Negative Assumptions are Not Facts

Asperger’s & NLD Career Letter, September, 2017

Many of my clients are in the habit of anticipating negative outcomes. Sean went to work each day expecting that he would make a critical error and be fired. James presumed that co-workers would be angry if he asked for help, and wasted many hours trying to solve problems by himself. Diane was convinced that she would say one wrong thing at a job interview and not be hired.

The negative assumptions made it difficult for these individuals to take action toward their goals. All experienced low motivation and self-esteem. They made cursory efforts and quickly gave up, locking themselves into a self-defeating cycle.

Sean, James and Diane treated their negative assumptions as fact. I shared a technique to help them develop a more realistic outlook. It is called the Possible, Probable, Unlikely Test. It works like this:

  1. Write down a negative assumption.
  2. Ask yourself, “Is it possible?” If the answer is yes, then ask
  3. “How probable is it?”
  4. If the outcome is likely to happen, ask, “How can I prepare for a better outcome?” If the outcome is unlikely to happen, ask, “What do I need to focus on instead?”

Here is how Diane used this method as a reality check for her concern that she would say one wrong thing during interviews and not get hired.

  1. Is it possible that I could say the wrong thing? Yes, there is a possibility that I could misunderstand a question, or speak before thinking through my answer. It could turn off an employer.
  2. How probable is it? Fifty-fifty. I have been practicing my responses, and am more used to the interview process, so I’m not as nervous. I’ve also read about the wrong way to answer questions, and modified my responses as a result.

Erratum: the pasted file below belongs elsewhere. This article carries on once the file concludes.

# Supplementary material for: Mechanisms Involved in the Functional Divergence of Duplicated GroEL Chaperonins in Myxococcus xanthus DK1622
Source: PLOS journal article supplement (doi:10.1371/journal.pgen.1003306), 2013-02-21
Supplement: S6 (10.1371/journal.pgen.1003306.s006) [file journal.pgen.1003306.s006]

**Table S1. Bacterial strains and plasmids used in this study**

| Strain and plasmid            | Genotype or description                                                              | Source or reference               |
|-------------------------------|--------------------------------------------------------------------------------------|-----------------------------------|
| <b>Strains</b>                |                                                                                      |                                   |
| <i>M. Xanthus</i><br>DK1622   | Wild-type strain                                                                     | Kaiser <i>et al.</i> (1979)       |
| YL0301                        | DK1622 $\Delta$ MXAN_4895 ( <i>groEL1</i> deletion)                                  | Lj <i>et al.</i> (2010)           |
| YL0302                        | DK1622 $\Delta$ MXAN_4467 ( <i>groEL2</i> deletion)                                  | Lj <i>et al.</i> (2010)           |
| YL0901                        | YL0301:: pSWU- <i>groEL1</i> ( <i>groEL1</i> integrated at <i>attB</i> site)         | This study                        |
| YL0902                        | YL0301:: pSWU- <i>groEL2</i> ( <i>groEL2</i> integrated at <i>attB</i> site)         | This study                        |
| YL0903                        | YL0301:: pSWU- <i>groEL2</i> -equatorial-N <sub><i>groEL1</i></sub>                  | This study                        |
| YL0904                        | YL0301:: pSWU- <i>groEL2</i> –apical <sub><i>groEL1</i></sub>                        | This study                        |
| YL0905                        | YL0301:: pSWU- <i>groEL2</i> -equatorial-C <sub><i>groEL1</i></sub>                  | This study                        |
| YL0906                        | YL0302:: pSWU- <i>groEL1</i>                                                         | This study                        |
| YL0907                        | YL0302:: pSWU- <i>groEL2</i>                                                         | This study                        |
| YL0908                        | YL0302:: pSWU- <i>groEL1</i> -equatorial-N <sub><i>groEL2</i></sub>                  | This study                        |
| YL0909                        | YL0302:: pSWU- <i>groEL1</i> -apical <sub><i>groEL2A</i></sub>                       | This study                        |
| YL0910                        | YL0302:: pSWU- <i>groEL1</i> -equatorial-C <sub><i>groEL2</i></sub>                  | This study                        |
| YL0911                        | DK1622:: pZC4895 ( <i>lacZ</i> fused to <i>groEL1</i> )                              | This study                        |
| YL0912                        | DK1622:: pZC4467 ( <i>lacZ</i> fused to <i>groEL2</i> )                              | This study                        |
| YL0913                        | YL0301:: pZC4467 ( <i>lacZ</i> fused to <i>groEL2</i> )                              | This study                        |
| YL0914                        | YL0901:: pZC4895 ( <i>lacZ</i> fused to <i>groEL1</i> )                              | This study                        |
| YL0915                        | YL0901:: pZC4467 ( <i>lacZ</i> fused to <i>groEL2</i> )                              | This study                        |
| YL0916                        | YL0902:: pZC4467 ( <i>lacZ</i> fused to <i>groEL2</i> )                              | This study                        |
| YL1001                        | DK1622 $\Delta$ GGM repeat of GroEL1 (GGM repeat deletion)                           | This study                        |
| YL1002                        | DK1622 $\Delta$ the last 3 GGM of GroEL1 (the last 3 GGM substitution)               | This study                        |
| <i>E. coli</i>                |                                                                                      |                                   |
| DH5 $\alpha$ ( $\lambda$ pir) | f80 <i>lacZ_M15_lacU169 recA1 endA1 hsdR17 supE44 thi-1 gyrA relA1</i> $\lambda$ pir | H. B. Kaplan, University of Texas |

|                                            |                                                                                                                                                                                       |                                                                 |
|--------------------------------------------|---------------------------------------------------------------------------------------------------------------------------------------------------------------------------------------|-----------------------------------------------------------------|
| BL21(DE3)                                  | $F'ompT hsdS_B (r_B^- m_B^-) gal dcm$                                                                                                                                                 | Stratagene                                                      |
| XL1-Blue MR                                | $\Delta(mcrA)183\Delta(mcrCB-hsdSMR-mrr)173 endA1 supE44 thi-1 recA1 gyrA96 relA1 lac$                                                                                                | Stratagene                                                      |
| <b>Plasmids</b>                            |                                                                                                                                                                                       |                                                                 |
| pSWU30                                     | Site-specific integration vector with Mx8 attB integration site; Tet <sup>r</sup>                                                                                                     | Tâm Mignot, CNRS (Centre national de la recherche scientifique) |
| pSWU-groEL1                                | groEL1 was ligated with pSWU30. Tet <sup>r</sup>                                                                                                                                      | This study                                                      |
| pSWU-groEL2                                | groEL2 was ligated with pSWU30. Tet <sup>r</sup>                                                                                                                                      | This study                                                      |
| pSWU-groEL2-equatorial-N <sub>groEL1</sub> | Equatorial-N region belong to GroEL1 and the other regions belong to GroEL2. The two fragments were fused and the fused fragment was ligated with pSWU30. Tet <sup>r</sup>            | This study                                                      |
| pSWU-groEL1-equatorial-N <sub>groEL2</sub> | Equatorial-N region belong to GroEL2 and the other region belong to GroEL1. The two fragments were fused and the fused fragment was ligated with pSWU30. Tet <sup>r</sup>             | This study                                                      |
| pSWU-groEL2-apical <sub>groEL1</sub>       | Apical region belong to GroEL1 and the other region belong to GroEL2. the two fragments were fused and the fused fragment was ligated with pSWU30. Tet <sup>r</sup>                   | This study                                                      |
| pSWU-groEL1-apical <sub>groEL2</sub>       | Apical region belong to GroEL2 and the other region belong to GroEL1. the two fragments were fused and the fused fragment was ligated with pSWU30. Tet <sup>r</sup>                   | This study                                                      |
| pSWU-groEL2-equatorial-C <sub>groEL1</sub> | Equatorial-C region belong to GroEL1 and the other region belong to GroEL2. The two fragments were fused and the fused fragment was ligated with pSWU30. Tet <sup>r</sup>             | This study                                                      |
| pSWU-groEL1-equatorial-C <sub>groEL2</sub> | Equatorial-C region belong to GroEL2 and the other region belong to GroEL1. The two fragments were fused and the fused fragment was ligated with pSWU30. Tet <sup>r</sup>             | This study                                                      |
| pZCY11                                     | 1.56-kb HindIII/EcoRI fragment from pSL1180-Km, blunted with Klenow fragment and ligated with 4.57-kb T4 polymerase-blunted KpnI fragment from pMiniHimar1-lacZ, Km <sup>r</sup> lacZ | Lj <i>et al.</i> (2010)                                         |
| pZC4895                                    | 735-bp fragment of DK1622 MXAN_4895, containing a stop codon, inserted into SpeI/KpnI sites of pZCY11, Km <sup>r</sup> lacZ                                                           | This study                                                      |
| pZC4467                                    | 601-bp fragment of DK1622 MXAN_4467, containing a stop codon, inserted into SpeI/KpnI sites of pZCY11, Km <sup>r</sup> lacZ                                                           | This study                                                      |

3. How can I prepare for a better outcome? Continue practicing as part of my weekly job search plan; if I’m asked a question that I didn’t anticipate, ask for a minute to think about my answer instead of saying the first thing that comes to mind.

I also taught these clients the “Then What?” technique. This is useful when a person becomes anxious about a possible negative outcome. Think of the worst that can happen, then ask, “What can I plan to do then?”

Diane’s worst case scenario was a wrong response. We brainstormed some possible actions she could take if this happened: I can ask for clarification … I can explain that I feel nervous … I can spend more time practicing in the future.

Using these techniques helped all three of these clients evaluate situations more realistically, and become more confident in their ability to manage them.

Copyright 2017, Barbara Bissonnette, Forward Motion Coaching